Wednesday, July 21, 2010

Yet another failed poem

Sent this off to a contest for Father's Day Poems. The structure is more Tonka than Tanka, as the third line is not a pivot for the stanza, and the number of beats is not 100% in the 5-7-5-5-5 schema, but pretty close. I tried hard not to create the image of victimhood. Leading into the unknown forest, it is up to us to find a way...

A Lesson Learnt

Drunk and abusive
Our Father disrupted
Our childhood
Abused my mother and sisters
Shattered our sense of self.

With my own children
I remember and have learnt
All a man can do
Is to break the cycle.
Of domestic violence.

Tuesday, July 13, 2010

Gallery Opening

Echoing church bells clang out five
End of work week ending the day.
Out they pour from shops and walls,
Work sites, to queue the pub bars,
Cash point, hole in the wall.

Daylight of children
Wide parliament tour
And museum wanderings.
With the setting of the sun
With the rising of the wind
I wandered old shop town shore front
Factory warehouses transformed.
Flowing tide climbing the stairs.
Old grain silo segmented homes.
Working harbour view. Side step
The head feeding night dark park.
Splashing beef blood red wine entry.
The newly moved gallery home.

And an exhibit of two young local artists was being opened at
the Colville Gallery. Still new to town, I thought it worthwhile
to investigate. And I am glad that I did.

Aquinas taught that art must have three elements to be
beautiful, Integritas, Consontia & Claritas. These are sometimes
defined as Wholeness, Harmony & Radiance. Wholeness and harmony
seem to be easily understood in relation to a work of art, and
it is Claritas - Radiance that is more problematic. Claritas
must be the ineffable and must refer to something internal
and organic being emitted from the work under consideration.

This construction seems however to lead us into a circle of
confusion. To be beautiful the work must radiate. But what
is to be radiated, and how? Maybe we can find a more easily
grasped concept in the works of the Victorian English critic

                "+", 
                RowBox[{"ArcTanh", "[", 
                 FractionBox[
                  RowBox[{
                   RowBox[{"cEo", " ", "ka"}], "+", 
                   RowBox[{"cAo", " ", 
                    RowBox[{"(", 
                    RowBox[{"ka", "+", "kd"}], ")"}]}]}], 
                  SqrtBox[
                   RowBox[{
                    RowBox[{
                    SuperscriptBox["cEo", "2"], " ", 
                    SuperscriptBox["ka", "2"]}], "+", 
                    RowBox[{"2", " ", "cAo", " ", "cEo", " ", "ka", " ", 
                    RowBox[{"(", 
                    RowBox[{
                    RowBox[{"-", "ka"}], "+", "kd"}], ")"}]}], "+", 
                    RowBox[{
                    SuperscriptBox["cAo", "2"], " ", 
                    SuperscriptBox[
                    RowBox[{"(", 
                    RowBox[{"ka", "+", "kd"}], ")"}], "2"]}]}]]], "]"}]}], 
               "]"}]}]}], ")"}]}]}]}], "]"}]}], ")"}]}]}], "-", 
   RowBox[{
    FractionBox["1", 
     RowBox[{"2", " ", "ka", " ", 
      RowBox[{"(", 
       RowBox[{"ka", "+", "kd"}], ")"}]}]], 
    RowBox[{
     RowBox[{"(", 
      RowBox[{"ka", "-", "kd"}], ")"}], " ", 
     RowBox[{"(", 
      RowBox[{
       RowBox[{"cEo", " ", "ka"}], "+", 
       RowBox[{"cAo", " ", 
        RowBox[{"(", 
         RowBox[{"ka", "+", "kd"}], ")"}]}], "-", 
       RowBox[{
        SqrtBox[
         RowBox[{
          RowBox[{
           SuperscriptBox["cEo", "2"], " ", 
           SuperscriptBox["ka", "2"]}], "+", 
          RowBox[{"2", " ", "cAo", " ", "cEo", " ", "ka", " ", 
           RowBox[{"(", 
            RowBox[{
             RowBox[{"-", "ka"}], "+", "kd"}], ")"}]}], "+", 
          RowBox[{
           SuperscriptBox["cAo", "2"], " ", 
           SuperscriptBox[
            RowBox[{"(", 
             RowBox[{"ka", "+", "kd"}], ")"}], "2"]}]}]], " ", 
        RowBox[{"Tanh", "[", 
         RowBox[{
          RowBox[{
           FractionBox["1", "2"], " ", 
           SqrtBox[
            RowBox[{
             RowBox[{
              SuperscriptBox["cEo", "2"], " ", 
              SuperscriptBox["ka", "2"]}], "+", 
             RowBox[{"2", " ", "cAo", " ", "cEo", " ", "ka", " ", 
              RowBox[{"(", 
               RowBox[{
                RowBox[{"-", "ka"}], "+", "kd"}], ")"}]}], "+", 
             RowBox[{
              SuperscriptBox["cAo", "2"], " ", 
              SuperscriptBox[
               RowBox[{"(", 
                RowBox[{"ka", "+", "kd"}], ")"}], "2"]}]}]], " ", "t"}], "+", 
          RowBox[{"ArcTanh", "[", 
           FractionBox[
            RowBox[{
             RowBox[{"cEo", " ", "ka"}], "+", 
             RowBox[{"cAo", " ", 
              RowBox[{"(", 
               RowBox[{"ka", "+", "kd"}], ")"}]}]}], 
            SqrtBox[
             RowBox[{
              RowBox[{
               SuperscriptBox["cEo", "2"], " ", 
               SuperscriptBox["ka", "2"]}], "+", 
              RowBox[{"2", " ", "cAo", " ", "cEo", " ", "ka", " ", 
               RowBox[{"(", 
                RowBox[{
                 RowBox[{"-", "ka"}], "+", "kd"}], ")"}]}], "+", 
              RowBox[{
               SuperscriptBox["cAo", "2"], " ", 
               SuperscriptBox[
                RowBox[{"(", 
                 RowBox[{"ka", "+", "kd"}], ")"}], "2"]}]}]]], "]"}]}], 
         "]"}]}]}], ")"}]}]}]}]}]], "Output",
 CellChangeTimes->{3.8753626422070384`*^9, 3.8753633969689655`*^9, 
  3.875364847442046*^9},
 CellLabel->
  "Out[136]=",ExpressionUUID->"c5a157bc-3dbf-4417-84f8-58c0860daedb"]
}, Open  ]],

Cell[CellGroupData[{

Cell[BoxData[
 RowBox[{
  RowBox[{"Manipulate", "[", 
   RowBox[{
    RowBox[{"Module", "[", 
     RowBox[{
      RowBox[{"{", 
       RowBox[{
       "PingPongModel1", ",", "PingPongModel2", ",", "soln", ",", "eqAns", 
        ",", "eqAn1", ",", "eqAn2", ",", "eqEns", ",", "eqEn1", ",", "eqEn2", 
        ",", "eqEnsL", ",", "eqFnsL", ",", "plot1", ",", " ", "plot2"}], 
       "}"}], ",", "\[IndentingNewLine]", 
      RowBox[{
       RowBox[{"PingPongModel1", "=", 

and oft named hedonist, Walter Horatio Pater. For in his
masterly work on the Renaissance, besides leading young men
astray, he used the concept of a 'lovely strangeness.' After
the storms and stresses of modernism, our age should not find
the idea of strangeness in art to be too confronting. Beauty,
after all, will be convulsive or it will not be at all.

In the works on display we can get an idea of both the
strangeness and the loveliness. The works of Matthew Armstrong
were all landscapes of our naturally artificial world. However
none contained any images of people, only the tatters and
droppings of humanity. All of his works were set in a twilight
atmosphere. These two facts worked to inspire a charming feeling
of wonderment in the viewer, raising questions rather than
offering boxed answers. Is this meant to be set in the rising of
dawn, or the passing of the day, does the lonely country road
beckon one forward with the sky glowing home fires of love and
affection, or does this road and this sky lead us into certain
oblivion? This allowing and encouraging the viewer to supply
elements to the work is to me an important element of any art.
For to tie up all the loose ends and offer up final denouement
is the work of a mind too caught up in the dominant bourgeois
shop keeper error, where all things fetter under a certain type
rational control and all stories come complete with closure.

Turning to the other wall, we see the works of Chris Bennett,
again a young local artist. Chris' work does not have the
metaphysical twilight blue palate of Matthew's work. But
his works equally emitted the lovely strangeness, were
equally concerned with light and tensions unresolved. In
contradistinction to Matthew's Chris' works all included human
figures, with most of his figures questioning the viewer. In
'The Lull' a couple sat together and ninety degrees apart in a
room lit by an external light. These paintings for the most part
were works of the inside, of humanity's built environments. In
'11PM' a questioning face appeared as an apparition from a
darkness vaguely reminiscent of Rembrandt shadowy world. The
'Indistinct Horizon' was almost a fugue in in black and
white, an individual sitting on a public bench looking over
an endless sea and sky pregnant with pure white nothingness,
while a silhouetted trash can turns into a possible momento
mori tombstone.

Both artists had very solid technique and understanding of
composition, so the elements of wholeness and harmony can
be easily seen, whether in the rich dark green detail of
the obscured row of plants in the foreground of Matthew's
painting 'The Domain', or in the slight and powerful blue
brush strokes touches on the bottom of the lamp post in the
'Indistinct Horizon'. The question than revolves around the
idea of claritas, which we see that both artists were able
to radiate a lovely strangeness, charming and compelling the
viewer to engage with the works on display.

In all I can only hope that both artists have long and fruitful
careers and I will look forward to seeing more such pieces.